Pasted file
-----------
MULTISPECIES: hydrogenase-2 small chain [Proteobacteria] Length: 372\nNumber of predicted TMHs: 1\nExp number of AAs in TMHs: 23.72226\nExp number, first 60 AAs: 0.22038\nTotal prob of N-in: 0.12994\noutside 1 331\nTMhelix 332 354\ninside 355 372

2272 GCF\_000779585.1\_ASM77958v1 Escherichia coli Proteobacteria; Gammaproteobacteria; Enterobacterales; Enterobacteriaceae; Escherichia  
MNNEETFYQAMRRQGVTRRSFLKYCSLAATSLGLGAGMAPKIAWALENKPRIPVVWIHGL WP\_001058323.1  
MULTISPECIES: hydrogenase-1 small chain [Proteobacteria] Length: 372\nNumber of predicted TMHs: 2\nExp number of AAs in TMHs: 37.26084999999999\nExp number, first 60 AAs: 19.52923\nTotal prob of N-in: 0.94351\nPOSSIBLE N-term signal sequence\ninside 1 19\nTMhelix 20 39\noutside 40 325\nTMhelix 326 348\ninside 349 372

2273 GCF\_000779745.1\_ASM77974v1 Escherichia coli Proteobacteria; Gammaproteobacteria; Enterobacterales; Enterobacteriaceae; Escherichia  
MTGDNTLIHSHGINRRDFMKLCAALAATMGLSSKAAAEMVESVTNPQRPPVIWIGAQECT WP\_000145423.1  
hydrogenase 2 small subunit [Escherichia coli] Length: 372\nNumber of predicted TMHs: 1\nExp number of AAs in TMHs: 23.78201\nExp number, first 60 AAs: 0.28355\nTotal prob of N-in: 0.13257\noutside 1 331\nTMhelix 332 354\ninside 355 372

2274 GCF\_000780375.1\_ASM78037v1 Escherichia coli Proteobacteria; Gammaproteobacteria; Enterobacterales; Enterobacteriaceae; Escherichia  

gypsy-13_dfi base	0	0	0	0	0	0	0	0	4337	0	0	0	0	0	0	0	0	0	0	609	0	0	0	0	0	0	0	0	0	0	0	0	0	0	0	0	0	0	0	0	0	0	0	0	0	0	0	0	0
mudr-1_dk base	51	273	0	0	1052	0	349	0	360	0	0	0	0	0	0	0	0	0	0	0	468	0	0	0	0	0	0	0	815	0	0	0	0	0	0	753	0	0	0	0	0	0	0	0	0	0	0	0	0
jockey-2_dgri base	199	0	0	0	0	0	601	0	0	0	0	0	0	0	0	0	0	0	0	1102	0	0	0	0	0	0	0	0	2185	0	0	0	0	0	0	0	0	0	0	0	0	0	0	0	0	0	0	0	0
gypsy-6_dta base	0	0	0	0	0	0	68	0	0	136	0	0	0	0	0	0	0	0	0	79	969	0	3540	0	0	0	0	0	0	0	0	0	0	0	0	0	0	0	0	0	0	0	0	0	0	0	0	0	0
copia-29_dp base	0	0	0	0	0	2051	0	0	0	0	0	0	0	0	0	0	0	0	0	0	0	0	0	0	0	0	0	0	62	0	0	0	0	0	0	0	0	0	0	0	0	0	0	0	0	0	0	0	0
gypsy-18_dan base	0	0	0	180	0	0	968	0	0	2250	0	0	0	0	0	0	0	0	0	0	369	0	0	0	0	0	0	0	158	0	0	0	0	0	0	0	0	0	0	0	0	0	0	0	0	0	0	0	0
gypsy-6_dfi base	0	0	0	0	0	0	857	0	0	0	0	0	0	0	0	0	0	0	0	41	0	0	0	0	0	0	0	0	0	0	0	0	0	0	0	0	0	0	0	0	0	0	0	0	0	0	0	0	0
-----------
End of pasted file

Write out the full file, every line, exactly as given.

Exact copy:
MULTISPECIES: hydrogenase-2 small chain [Proteobacteria] Length: 372\nNumber of predicted TMHs: 1\nExp number of AAs in TMHs: 23.72226\nExp number, first 60 AAs: 0.22038\nTotal prob of N-in: 0.12994\noutside 1 331\nTMhelix 332 354\ninside 355 372

2272 GCF\_000779585.1\_ASM77958v1 Escherichia coli Proteobacteria; Gammaproteobacteria; Enterobacterales; Enterobacteriaceae; Escherichia  
MNNEETFYQAMRRQGVTRRSFLKYCSLAATSLGLGAGMAPKIAWALENKPRIPVVWIHGL WP\_001058323.1  
MULTISPECIES: hydrogenase-1 small chain [Proteobacteria] Length: 372\nNumber of predicted TMHs: 2\nExp number of AAs in TMHs: 37.26084999999999\nExp number, first 60 AAs: 19.52923\nTotal prob of N-in: 0.94351\nPOSSIBLE N-term signal sequence\ninside 1 19\nTMhelix 20 39\noutside 40 325\nTMhelix 326 348\ninside 349 372

2273 GCF\_000779745.1\_ASM77974v1 Escherichia coli Proteobacteria; Gammaproteobacteria; Enterobacterales; Enterobacteriaceae; Escherichia  
MTGDNTLIHSHGINRRDFMKLCAALAATMGLSSKAAAEMVESVTNPQRPPVIWIGAQECT WP\_000145423.1  
hydrogenase 2 small subunit [Escherichia coli] Length: 372\nNumber of predicted TMHs: 1\nExp number of AAs in TMHs: 23.78201\nExp number, first 60 AAs: 0.28355\nTotal prob of N-in: 0.13257\noutside 1 331\nTMhelix 332 354\ninside 355 372

2274 GCF\_000780375.1\_ASM78037v1 Escherichia coli Proteobacteria; Gammaproteobacteria; Enterobacterales; Enterobacteriaceae; Escherichia  

gypsy-13_dfi base	0	0	0	0	0	0	0	0	4337	0	0	0	0	0	0	0	0	0	0	609	0	0	0	0	0	0	0	0	0	0	0	0	0	0	0	0	0	0	0	0	0	0	0	0	0	0	0	0	0
mudr-1_dk base	51	273	0	0	1052	0	349	0	360	0	0	0	0	0	0	0	0	0	0	0	468	0	0	0	0	0	0	0	815	0	0	0	0	0	0	753	0	0	0	0	0	0	0	0	0	0	0	0	0
jockey-2_dgri base	199	0	0	0	0	0	601	0	0	0	0	0	0	0	0	0	0	0	0	1102	0	0	0	0	0	0	0	0	2185	0	0	0	0	0	0	0	0	0	0	0	0	0	0	0	0	0	0	0	0
gypsy-6_dta base	0	0	0	0	0	0	68	0	0	136	0	0	0	0	0	0	0	0	0	79	969	0	3540	0	0	0	0	0	0	0	0	0	0	0	0	0	0	0	0	0	0	0	0	0	0	0	0	0	0
copia-29_dp base	0	0	0	0	0	2051	0	0	0	0	0	0	0	0	0	0	0	0	0	0	0	0	0	0	0	0	0	0	62	0	0	0	0	0	0	0	0	0	0	0	0	0	0	0	0	0	0	0	0
gypsy-18_dan base	0	0	0	180	0	0	968	0	0	2250	0	0	0	0	0	0	0	0	0	0	369	0	0	0	0	0	0	0	158	0	0	0	0	0	0	0	0	0	0	0	0	0	0	0	0	0	0	0	0
gypsy-6_dfi base	0	0	0	0	0	0	857	0	0	0	0	0	0	0	0	0	0	0	0	41	0	0	0	0	0	0	0	0	0	0	0	0	0	0	0	0	0	0	0	0	0	0	0	0	0	0	0	0	0